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Opportunity and Inspiration 
Maj. James Jones  
Maj. James Jones swears in Officer Candidate Jay Dicarlo during his re-enlistment on Camp Edwards, Mass., Sunday, Dec. 3, 2011. (U.S. Army photo by Pfc. Sabrina MacLeod, 101st Regiment.)
By Lt. Col. Winfield Danielson, Operations Officer, 101st Regiment, Massachusetts Army National Guard 

CAMP EDWARDS, Mass. - When Maj. James Jones of Stoughton, Mass., took command of the Officer Candidate School Oct. 1, 2011 at the 101st Regiment, Regional Training Institute on Camp Edwards, Mass., no one mentioned during the ceremony that he was the first black officer to assume command of the oldest state-run OCS program in the country.

“There was a time when Maj. Jones’ ethnic background would have been the central part of the ceremony, perhaps even overshadowing his individual achievements,” said Col. Charles Perenick, commander of the 101st Regiment and commandant of the Massachusetts Military Academy. “The fact that it wasn’t shows that time has passed. Maj. Jones is an outstanding officer who earned the job, period.”

In the 1980s, when Jones first enlisted in the 101st Infantry Regiment of Dorchester, Mass., mentors from diverse backgrounds among the senior leadership were hard to find. “In terms of higher-ranking minority or female role models, there weren’t many,” Jones recalled.

Nonetheless, Jones saw opportunity in the Guard. “When I was 17, the Guard opened doors for me in terms of training, career opportunities, college tuition assistance and a monthly paycheck,” he said.

Regarding career opportunities, Jones is also 23-year veteran state trooper -- holding the rank of lieutenant with the Massachusetts State Police -- a career he believes the Guard helped make possible.

“I wanted to be a police officer since I was a small boy,” Jones remembered. “Without the Guard and the opportunities it offered, I think I would have had a difficult time achieving that goal. And it helped that there were several ranking Soldiers in the Massachusetts National Guard, like Maj. Gen. Joseph Carter, Lt. Col. Mark Vickers and Sgt. 1st Class Andy Murphy, who were also police officers.”

Jones became a team leader in the 772nd Military Police Company of Taunton, Mass., and in 1999 he attended Officer Candidate School at the Massachusetts Military Academy. In 2000 he was commissioned a second lieutenant in the Military Police Corps and has since served in a variety of positions in the Massachusetts National Guard before assuming command of OCS, including platoon leader with the 747th Military Police Company of Ware, Mass.; Special Staff Officer and Aide de Camp to Brig. Gen. Thomas Sellers, the Massachusetts Army National Guard's land component commander; and commander of the 747th.

Over the course of his military career, Jones has seen a marked change in the availability of role models for minority Soldiers, and civilians too. In 2007, Col. Joe Burch was the first minority commandant of the Massachusetts Military Academy, Carter is the first minority Adjutant General of the Massachusetts National Guard, Deval Patrick is Massachusetts’ first African-American governor and President Barack Obama is the first minority individual to hold that office.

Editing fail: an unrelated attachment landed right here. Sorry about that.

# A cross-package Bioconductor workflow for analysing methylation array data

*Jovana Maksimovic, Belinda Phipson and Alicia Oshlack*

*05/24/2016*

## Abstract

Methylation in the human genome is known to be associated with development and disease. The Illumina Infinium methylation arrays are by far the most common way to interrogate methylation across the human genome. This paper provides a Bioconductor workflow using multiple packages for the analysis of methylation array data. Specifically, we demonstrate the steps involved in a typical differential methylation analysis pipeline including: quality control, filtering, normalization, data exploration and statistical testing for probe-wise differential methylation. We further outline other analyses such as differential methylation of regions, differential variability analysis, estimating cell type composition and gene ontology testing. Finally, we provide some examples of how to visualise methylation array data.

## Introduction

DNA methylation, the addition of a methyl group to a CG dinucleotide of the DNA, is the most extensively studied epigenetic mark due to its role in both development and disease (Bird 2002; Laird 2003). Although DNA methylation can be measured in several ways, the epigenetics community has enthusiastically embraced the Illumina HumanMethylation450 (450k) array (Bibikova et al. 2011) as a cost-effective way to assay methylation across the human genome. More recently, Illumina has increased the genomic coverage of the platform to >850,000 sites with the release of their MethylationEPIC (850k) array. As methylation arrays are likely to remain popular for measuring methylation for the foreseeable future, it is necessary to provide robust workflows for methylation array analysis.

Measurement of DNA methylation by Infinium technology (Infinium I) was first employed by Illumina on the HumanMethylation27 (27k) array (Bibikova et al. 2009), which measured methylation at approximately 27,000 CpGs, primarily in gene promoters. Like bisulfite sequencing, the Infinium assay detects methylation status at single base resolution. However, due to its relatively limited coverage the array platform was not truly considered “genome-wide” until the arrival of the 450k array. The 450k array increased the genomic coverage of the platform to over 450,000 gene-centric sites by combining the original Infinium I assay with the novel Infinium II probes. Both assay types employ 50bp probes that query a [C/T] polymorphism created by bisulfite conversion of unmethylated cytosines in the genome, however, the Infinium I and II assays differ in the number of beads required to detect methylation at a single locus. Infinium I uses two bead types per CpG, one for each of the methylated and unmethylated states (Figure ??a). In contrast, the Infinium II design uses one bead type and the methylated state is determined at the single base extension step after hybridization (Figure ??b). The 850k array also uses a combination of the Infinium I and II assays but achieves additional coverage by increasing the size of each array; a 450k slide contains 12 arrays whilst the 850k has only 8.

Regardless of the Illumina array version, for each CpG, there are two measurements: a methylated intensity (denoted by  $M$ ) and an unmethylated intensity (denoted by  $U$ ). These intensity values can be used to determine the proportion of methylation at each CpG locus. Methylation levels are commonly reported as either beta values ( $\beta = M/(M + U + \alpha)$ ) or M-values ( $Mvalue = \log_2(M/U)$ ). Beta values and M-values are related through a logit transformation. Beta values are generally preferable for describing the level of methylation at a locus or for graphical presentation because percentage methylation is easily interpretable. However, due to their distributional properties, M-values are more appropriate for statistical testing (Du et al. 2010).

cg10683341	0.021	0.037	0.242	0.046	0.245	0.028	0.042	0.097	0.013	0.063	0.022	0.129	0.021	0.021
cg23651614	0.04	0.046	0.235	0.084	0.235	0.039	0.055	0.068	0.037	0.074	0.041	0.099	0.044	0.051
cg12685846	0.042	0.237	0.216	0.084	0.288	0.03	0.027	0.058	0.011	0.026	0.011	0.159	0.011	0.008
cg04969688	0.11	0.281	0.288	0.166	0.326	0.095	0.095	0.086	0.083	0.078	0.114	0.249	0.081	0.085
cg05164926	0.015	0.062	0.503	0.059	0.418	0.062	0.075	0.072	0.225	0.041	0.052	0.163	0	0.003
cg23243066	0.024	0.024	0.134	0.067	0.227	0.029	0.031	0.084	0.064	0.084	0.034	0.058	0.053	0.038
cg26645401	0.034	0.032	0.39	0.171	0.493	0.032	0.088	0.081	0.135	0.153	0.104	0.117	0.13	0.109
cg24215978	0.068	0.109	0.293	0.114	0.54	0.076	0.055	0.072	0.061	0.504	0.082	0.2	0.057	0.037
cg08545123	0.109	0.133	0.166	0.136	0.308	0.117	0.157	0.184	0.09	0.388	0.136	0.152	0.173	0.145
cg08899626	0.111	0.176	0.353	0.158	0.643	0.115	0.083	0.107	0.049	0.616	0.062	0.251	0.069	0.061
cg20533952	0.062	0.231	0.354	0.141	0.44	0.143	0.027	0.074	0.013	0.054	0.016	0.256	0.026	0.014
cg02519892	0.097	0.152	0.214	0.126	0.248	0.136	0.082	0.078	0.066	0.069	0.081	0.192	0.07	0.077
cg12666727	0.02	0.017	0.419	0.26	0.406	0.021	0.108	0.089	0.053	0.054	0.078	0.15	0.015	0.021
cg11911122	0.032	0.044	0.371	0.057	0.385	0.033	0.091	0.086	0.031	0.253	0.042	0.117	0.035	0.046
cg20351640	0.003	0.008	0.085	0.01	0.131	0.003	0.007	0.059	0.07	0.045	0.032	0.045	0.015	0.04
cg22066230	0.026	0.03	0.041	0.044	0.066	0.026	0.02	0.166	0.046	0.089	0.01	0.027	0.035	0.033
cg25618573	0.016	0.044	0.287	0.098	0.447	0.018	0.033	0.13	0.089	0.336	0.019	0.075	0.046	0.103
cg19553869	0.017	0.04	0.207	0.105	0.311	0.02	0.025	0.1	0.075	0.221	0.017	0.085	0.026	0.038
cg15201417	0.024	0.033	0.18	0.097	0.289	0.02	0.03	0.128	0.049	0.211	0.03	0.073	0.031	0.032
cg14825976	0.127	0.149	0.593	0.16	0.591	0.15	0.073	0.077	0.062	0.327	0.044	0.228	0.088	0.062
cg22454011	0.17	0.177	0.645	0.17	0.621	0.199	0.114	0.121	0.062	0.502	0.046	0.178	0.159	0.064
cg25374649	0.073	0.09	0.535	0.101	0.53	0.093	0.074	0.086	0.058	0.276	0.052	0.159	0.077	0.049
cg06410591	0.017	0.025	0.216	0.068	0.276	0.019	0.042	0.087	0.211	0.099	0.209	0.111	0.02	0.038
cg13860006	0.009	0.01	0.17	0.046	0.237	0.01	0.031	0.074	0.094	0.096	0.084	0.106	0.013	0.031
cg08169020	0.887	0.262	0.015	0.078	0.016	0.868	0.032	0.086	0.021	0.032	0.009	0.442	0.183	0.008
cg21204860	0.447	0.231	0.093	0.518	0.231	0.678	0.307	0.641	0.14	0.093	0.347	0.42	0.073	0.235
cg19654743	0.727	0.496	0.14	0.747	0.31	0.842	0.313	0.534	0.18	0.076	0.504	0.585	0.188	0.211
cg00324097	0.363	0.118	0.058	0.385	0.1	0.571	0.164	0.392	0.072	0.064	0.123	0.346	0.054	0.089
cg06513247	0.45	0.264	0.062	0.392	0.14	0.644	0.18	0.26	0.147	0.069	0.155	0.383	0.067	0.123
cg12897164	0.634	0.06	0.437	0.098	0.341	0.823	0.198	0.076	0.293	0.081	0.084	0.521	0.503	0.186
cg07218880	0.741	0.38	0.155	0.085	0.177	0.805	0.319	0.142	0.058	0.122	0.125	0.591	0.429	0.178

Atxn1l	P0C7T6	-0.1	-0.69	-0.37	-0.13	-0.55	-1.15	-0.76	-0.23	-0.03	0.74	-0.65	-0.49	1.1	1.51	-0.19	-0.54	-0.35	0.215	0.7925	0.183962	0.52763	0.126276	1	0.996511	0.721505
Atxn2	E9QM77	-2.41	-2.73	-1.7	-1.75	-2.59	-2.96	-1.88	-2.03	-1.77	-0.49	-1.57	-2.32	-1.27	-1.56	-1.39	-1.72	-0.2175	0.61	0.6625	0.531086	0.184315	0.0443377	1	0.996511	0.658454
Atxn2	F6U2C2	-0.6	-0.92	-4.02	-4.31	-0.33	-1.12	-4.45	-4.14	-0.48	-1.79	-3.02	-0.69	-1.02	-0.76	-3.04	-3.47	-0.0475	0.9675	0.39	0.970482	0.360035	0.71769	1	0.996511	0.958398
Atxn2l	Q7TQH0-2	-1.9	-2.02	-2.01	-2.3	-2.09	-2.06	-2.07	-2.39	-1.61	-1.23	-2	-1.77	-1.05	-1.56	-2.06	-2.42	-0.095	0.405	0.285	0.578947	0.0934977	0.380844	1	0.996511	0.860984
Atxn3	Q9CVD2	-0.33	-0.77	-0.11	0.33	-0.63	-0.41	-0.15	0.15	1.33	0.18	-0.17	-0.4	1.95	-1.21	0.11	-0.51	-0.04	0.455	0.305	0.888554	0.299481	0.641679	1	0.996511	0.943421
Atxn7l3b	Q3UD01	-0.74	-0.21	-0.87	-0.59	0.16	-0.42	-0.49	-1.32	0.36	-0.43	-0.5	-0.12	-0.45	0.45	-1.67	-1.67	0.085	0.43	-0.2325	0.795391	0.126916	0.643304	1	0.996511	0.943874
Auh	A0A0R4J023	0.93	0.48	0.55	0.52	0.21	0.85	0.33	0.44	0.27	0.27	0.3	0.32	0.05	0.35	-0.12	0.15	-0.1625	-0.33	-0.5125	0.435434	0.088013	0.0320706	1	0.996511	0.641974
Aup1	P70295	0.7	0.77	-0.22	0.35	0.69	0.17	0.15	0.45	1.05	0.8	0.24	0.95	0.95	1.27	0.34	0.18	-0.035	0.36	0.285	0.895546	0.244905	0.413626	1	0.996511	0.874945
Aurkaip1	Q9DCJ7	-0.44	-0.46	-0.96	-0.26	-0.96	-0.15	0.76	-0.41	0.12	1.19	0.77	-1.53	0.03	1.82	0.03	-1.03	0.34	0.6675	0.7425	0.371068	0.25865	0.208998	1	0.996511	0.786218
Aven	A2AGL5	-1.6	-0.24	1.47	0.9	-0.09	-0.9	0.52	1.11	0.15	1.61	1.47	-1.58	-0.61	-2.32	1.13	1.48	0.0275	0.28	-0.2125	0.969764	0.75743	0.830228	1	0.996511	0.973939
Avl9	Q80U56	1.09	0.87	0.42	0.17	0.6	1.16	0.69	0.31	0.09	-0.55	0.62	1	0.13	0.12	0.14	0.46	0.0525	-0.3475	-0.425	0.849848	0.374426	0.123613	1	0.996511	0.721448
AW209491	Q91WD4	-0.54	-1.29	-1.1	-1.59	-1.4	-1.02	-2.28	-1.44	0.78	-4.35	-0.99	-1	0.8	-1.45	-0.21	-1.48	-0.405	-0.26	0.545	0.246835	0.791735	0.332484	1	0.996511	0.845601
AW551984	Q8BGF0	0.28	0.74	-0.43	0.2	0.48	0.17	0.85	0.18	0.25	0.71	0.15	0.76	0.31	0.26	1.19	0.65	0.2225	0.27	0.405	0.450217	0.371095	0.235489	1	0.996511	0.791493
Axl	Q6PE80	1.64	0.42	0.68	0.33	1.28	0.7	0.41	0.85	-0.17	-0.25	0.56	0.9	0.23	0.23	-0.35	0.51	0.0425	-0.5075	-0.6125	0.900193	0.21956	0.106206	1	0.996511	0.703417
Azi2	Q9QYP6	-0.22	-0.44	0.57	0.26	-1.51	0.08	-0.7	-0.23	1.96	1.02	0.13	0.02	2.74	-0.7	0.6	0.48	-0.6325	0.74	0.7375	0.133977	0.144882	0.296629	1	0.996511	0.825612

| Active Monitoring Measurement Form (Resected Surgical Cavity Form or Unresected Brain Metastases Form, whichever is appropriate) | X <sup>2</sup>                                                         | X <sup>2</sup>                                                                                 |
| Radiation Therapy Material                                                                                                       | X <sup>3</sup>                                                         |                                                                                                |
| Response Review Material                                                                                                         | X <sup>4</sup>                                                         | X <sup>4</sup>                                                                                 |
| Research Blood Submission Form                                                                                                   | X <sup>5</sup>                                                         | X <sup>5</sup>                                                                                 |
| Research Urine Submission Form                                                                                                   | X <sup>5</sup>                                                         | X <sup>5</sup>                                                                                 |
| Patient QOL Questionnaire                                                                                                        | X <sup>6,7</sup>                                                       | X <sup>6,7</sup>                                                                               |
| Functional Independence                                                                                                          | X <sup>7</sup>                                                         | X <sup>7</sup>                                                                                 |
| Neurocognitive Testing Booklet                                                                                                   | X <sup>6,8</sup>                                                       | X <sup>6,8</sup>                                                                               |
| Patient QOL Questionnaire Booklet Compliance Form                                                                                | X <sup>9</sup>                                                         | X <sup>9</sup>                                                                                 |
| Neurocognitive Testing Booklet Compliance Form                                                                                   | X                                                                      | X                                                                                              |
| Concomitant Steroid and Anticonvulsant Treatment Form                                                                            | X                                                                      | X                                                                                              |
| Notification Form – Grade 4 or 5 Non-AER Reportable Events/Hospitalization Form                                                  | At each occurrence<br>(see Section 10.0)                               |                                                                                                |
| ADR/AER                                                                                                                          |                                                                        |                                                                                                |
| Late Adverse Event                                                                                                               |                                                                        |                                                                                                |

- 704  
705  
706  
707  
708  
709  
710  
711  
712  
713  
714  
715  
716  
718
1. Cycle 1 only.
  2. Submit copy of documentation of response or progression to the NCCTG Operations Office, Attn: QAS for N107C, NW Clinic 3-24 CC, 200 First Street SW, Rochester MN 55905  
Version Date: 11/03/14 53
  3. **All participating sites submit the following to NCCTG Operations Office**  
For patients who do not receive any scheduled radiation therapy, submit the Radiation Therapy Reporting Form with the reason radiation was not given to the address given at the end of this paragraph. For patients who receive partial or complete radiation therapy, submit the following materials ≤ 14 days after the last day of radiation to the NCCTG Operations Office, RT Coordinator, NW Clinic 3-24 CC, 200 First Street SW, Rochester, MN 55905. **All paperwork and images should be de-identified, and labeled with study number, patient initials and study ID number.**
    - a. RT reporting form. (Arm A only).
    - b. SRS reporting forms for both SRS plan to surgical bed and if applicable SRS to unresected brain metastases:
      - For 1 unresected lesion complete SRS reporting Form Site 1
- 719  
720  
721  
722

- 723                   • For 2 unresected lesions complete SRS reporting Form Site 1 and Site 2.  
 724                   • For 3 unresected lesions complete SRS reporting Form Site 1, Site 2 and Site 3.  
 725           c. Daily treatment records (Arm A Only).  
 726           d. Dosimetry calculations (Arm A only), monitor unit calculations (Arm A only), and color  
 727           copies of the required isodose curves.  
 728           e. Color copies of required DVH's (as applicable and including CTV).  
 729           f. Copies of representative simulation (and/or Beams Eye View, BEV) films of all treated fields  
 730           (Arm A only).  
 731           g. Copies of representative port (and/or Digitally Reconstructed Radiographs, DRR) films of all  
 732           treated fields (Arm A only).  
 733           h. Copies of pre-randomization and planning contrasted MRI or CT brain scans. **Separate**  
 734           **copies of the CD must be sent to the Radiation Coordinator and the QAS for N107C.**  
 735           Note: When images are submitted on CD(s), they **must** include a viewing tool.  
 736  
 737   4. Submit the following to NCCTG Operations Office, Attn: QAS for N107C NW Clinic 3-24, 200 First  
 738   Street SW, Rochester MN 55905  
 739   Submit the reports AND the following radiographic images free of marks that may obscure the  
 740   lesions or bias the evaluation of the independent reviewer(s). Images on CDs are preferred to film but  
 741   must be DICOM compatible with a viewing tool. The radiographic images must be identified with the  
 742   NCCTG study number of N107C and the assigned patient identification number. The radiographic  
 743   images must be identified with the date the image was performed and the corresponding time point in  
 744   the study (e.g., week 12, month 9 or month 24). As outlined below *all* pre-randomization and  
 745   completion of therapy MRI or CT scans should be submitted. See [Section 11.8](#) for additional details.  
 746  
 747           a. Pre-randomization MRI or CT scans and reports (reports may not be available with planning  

“When I went through OCS, for example, there weren’t any minorities on the staff,” Jones said. “Now we are very diverse; the opportunity for advancement for minorities is wide open. The fact that a young minority Soldier can look around today and know that the leadership and promotional opportunities are available based on performance is a huge source of inspiration.”

Jones deployed to Afghanistan in 2003 and Iraq in 2009. He also served on active duty for Operation Firm Resolve at Logan International Airport after Sept. 11, 2001, and for Operation Southern Comfort in response to Hurricane Katrina in New Orleans. He said that his experience with these operations showed that diversity in the National Guard is about more than race or gender.

“The Guard is unique ...  not only is there cultural, religious and ethnic diversity, but every Soldier has a civilian career or skill,” Jones noted. “During the mission in response to Hurricane Katrina, for example, if we needed a plumber, an electrician, a veterinary technician or an ordained minister, we had one in the unit. And my experience as a civilian police officer was critical in my ability to perform my unit’s mission to train and mentor Iraqi police officers as part of Operation Iraqi Freedom.”

A recipient of the Bronze Star Medal, Army Commendation Medal and Army Achievement Medal with Oak Leaf Cluster, among other awards, Jones is quick to point out that his success is because of his Soldiers. “It’s their accomplishments that have made me look good. I only made sure they had the personnel, equipment, time and opportunity to succeed,” he said.

What advice would Jones give to anyone in the Guard today who wants to become a leader?

“First, learn how to follow. Unless you’re the commander-in-chief, you will always be taking orders. Second, every decision you make has both positive and negative consequences. Listen to your NCOs and leverage their experience, but always remember that if you’re the officer in charge, the decision is yours and yours alone. Finally, learn everything you can and never ask a Soldier to do something you would not be willing to do yourself.”